veggies on a table

EatWell at Home: 6 Ways to Preserve and Repurpose Food

With grocery store trips now few and far between, it might feel extra appealing to extend the lifetime of foods, and perhaps even repurpose foods after they’ve completed their useful life. Giving a second life to your food scraps means producing less waste, discovering a new hobby, and depending on what you choose to do with your scraps, often saving money and needing fewer grocery trips!

Here are a few ideas to get started, ranked from easiest to most creative.

1. Am I storing my groceries correctly?

The easiest way to extend the lifetime of your groceries is to make sure that they’re stored where they stay fresh best. This isn’t always the refrigerator! Check out Imperfect Foods’ grocery storage guide blog post and their graphic below for more information.

Imperfect Foods (formerly known as Imperfect Produce) is a grocery delivery company which aims to reduce food waste across the US. Each week, they deliver a customized box of groceries which could not be sold at stores due to small imperfections, surplus, change of packaging, or short-coded best-by dates. Not only does this reduce food waste, it also reduces water usage and CO2 emissions, is often cheaper than grocery store pricing, and means fewer trips to the store per month! The company was featured in a previous EatWell blog post, found here.

Imperfect foods visual of common foods in the fridge, pantry, and on the counter

2. A second life for stale bread

In this article, Bon Appétit describes 14 innovative ways to use stale bread. These ideas include:

  • Softening stale bread by washing in water, then putting in an oven at 350°F for a few minutes
  • Breadcrumbs
  • Croutons
  • Stuffing
  • French toast
  • Creative recipes such as ribollita, panzanella, and casse-croȗte

With a world of possibilities available for stale bread, consider giving one of these a try before tossing the whole loaf!

3. Regrow vegetables indoors, using just a glass of water

Don’t have a garden? Many vegetables can be regrown indoors, without any soil at all! This guide from Don’t Waste the Crumbs explains all you need to know about regrowing vegetables in water. Some of these veggies that will never need to be store-bought again include:

  • Green onionGreen onions growing in a water jar
  • Celery
  • Cabbage
  • Lettuce
  • Leeks
  • Garlic chives
  • Fennel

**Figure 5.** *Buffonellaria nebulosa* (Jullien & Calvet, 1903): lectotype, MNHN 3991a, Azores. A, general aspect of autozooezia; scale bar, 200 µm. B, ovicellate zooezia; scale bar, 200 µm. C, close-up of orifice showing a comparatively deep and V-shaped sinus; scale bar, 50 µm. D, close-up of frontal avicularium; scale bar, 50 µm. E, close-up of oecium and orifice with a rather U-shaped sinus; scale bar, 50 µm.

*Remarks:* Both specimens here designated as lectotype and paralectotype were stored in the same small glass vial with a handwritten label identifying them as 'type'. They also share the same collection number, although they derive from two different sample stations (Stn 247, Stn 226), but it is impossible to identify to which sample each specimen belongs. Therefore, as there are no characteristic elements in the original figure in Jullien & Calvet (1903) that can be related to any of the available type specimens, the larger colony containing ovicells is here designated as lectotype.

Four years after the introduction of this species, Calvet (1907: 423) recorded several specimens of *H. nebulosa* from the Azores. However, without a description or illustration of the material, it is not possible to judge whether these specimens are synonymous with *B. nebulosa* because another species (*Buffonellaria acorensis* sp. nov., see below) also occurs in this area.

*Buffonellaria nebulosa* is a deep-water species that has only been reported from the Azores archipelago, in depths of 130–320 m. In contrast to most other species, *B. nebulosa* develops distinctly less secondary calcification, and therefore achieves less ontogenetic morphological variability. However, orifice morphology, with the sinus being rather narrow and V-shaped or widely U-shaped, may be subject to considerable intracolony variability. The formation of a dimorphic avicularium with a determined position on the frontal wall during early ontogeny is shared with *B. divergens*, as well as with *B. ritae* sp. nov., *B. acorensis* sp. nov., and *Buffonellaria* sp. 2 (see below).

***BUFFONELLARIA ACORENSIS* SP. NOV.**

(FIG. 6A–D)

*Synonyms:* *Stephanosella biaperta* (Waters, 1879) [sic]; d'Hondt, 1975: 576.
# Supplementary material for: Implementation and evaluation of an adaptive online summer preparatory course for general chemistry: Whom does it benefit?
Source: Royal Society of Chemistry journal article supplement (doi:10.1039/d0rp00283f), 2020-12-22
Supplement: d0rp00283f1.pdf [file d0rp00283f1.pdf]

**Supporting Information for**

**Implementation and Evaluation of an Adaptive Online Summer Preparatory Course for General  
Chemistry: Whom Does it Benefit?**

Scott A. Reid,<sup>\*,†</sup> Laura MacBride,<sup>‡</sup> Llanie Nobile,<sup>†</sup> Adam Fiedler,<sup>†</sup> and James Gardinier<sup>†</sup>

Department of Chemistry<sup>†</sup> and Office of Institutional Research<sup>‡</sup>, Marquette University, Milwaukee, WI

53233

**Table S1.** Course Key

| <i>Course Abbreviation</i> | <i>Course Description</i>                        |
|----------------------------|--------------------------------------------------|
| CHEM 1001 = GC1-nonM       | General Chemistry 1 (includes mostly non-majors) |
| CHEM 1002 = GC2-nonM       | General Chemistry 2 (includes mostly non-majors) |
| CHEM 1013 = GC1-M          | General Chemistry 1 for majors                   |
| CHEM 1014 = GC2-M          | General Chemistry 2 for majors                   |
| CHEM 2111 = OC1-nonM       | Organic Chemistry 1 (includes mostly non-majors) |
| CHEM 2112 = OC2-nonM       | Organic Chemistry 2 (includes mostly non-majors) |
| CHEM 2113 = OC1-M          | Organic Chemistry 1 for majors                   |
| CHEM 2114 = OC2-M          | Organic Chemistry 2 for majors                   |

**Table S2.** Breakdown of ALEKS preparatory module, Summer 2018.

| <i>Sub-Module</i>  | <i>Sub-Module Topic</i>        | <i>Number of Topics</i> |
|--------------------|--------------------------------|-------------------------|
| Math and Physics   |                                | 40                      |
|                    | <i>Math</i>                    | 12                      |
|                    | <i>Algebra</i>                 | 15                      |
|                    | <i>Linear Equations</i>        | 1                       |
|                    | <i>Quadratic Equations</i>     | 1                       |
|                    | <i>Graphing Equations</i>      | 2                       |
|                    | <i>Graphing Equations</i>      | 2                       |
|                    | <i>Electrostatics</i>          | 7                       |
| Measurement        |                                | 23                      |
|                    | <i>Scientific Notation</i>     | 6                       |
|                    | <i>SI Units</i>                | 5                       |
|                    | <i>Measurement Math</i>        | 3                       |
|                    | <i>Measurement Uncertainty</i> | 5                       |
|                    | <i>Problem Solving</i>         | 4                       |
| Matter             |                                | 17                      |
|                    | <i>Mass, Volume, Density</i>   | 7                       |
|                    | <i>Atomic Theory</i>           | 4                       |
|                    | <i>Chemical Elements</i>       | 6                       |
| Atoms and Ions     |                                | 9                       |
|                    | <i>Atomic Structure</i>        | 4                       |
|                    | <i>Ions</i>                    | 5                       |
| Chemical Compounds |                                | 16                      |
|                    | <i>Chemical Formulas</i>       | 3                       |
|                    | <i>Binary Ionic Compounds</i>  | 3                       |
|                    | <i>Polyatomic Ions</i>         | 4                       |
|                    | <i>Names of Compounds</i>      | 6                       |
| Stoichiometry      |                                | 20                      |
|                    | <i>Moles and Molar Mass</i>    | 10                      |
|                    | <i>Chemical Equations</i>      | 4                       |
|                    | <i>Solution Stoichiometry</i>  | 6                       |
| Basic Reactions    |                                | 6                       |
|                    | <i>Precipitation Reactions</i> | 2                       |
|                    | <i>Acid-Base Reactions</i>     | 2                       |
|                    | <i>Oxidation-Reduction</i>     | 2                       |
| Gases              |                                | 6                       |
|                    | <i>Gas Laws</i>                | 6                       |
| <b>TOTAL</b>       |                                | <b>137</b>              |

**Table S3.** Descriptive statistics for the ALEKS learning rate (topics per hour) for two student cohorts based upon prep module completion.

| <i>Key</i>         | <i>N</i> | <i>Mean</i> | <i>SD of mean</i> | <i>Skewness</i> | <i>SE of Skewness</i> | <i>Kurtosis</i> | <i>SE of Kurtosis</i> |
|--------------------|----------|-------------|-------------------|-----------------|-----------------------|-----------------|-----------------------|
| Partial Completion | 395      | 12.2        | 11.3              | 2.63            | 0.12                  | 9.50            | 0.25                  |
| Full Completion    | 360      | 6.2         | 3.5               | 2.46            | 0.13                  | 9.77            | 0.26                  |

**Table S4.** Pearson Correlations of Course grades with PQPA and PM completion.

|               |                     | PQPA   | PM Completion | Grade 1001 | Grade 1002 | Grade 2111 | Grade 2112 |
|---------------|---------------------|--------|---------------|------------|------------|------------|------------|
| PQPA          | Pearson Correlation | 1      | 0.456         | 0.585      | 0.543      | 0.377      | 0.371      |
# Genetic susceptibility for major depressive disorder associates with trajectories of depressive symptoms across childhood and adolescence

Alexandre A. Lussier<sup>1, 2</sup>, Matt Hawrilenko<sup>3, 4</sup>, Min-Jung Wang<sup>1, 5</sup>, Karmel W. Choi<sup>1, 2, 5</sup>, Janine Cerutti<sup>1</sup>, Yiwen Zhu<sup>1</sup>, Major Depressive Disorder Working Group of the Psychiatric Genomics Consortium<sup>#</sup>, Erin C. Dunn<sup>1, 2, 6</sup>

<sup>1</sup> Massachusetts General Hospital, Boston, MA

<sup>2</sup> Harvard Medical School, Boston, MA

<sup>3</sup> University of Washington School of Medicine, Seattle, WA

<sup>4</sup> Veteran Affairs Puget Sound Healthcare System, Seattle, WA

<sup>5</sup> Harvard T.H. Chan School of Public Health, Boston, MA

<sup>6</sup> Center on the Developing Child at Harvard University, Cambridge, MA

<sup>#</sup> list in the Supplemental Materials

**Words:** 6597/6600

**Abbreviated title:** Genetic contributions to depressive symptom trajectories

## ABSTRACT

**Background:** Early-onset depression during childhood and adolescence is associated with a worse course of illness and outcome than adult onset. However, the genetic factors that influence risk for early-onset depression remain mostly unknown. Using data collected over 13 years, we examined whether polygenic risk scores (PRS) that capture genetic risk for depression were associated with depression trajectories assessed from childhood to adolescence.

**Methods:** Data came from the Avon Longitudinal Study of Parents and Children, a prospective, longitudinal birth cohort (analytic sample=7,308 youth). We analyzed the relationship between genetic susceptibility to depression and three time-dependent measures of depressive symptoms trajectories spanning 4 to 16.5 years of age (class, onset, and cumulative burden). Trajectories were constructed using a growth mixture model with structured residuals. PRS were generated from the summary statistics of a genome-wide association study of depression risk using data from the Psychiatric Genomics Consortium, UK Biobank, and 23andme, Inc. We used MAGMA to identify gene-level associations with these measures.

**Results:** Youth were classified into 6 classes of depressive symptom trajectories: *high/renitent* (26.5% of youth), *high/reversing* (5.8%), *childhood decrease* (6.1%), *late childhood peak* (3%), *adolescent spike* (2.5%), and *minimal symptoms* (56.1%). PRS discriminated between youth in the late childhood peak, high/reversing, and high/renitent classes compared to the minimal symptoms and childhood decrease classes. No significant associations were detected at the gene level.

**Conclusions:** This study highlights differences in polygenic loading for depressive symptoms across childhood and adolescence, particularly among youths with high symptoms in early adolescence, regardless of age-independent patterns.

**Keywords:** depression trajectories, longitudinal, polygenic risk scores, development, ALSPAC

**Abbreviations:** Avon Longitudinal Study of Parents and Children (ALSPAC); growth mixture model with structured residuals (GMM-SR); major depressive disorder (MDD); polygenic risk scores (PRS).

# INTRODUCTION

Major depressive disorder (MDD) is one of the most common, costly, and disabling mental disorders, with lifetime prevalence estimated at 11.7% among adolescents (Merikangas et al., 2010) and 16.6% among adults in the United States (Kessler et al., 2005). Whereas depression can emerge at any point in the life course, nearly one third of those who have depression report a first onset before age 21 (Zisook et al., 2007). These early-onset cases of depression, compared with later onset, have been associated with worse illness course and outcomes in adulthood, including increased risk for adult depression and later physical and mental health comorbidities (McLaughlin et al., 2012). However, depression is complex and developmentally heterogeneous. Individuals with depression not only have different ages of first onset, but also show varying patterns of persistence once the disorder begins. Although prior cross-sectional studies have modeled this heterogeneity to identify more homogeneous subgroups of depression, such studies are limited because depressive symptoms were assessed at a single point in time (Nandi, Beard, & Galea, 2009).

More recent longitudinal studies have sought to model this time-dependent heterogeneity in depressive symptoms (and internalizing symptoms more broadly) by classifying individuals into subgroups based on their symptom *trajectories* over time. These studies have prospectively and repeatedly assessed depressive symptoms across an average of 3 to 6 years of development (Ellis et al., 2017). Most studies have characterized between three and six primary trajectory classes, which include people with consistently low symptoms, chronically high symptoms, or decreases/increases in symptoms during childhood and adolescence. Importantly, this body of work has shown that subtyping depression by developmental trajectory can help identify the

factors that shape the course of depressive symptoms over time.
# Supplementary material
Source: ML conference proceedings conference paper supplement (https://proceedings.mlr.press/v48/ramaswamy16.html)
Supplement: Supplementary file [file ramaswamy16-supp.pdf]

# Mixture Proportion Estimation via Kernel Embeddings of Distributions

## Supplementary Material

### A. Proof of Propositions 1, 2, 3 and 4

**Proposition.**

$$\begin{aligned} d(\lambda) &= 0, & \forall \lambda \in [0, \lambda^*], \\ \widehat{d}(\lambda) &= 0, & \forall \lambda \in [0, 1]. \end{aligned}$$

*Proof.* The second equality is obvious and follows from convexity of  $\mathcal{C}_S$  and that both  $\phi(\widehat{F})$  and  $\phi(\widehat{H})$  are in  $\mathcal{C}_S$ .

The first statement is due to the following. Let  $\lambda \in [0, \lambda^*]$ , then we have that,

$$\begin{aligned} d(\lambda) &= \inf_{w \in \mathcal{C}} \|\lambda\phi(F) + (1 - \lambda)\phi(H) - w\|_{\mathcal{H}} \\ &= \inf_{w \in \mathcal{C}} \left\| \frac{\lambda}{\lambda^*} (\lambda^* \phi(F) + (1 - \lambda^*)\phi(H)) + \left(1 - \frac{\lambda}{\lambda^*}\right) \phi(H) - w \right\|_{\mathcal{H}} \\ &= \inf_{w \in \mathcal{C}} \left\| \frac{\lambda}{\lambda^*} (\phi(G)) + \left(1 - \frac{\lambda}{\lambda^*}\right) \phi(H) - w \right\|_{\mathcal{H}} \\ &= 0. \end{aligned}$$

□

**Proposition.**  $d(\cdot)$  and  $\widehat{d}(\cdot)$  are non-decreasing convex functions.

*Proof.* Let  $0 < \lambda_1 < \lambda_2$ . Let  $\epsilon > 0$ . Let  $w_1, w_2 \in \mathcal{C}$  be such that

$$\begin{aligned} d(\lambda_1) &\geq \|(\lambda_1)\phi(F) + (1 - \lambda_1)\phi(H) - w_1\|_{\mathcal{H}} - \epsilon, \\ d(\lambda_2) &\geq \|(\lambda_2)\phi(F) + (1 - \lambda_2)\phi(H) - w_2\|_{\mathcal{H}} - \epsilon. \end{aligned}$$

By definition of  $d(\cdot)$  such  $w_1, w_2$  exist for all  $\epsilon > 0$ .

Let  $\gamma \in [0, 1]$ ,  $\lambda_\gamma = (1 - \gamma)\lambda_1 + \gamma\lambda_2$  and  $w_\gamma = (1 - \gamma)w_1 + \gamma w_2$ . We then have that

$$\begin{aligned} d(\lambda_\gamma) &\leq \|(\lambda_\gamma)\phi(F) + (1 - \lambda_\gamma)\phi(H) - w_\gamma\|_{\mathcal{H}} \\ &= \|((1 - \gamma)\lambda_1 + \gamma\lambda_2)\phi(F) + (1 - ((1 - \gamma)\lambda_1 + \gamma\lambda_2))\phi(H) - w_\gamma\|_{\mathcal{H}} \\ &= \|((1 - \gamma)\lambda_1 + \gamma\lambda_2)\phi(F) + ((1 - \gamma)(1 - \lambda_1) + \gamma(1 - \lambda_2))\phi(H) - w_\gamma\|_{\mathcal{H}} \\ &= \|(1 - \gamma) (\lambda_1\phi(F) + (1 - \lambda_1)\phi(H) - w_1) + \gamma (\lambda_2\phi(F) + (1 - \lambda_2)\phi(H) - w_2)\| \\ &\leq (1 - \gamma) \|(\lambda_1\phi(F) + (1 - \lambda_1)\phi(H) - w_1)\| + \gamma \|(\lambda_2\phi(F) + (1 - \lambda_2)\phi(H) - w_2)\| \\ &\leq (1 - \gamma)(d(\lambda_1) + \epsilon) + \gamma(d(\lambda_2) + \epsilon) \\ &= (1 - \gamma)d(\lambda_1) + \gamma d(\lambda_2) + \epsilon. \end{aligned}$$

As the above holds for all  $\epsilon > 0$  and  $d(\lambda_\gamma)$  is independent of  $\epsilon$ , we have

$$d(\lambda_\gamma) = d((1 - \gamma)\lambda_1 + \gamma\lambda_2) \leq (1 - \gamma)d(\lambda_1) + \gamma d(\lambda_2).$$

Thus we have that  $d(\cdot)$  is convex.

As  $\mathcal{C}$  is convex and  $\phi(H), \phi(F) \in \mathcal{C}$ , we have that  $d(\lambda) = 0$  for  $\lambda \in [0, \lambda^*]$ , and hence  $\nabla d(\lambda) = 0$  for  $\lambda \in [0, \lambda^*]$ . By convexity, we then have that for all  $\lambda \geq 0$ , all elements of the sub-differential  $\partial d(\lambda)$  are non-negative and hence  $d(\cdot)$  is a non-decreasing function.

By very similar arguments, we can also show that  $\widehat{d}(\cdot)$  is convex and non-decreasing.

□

4. Vegetable broth or bone broth

Broth is the perfect solution for food scraps that would be otherwise unusable. Homemade broth is inexpensive, requires little prep time, and is often much more flavorful than store-bought broth. To prepare to make food scrap vegetable broth, first collect clean food scraps in a container in the freezer.

Next, a quick Google search leads to hundreds of possible vegetable broth and bone broth recipes. For either of these types of broth, the base is the same: carrots, celery, and onion. To this base, you can add any bones left over from roasted meat, and almost all types of vegetable scraps you have on hand, with a few exceptions: cruciferous vegetables (e.g. cabbage and broccoli), green beans, zucchini, and starchy vegetables (e.g. potatoes).

Once you’ve made your broth, get creative and use it in recipes such as soups, stews, curries, and chilis!

5. Vermicomposting

A few weeks ago, @healthyucla (Semel HCI Center) went live with @zerowasteucla (an initiative by UCLA Sustainability) on Instagram to discuss and demonstrate vermicomposting. You can find a recap of their demo here.

Vermicomposting (“vermi” = worm) uses a worm bin to decompose food scraps, producing a robust, nutrient-rich fertilizer. This guide describes the 6 major steps of creating and maintaining a worm bin.

Use the resulting humus fertilizer in a vegetable garden, where you could even regrow other types of vegetable scraps!

6. Regrow vegetables in soil

If you have access to a garden, this might be a great option for you. This blog post from DIY & Crafts suggests 25 fruits and vegetables that can be regrown from kitchen scraps. These generally start out in water until their root system is well-established, then are transferred to soil.

A garden such as this one often grows faster than gardens grown from the seed up, since each plant has already established roots. Happy gardening!

The jane b semel HCI Community Garden at Sunset Canyon Recreation Center

 

Patience Olsen is an undergraduate student at UCLA majoring in Civil and Environmental Engineering. In addition to blogging for the EatWell pod, she is a PD for the ASCE Environmental Design project, the Events Coordinator/Publicity Director for AWWA, and a member of the Club Sports Climbing Team.

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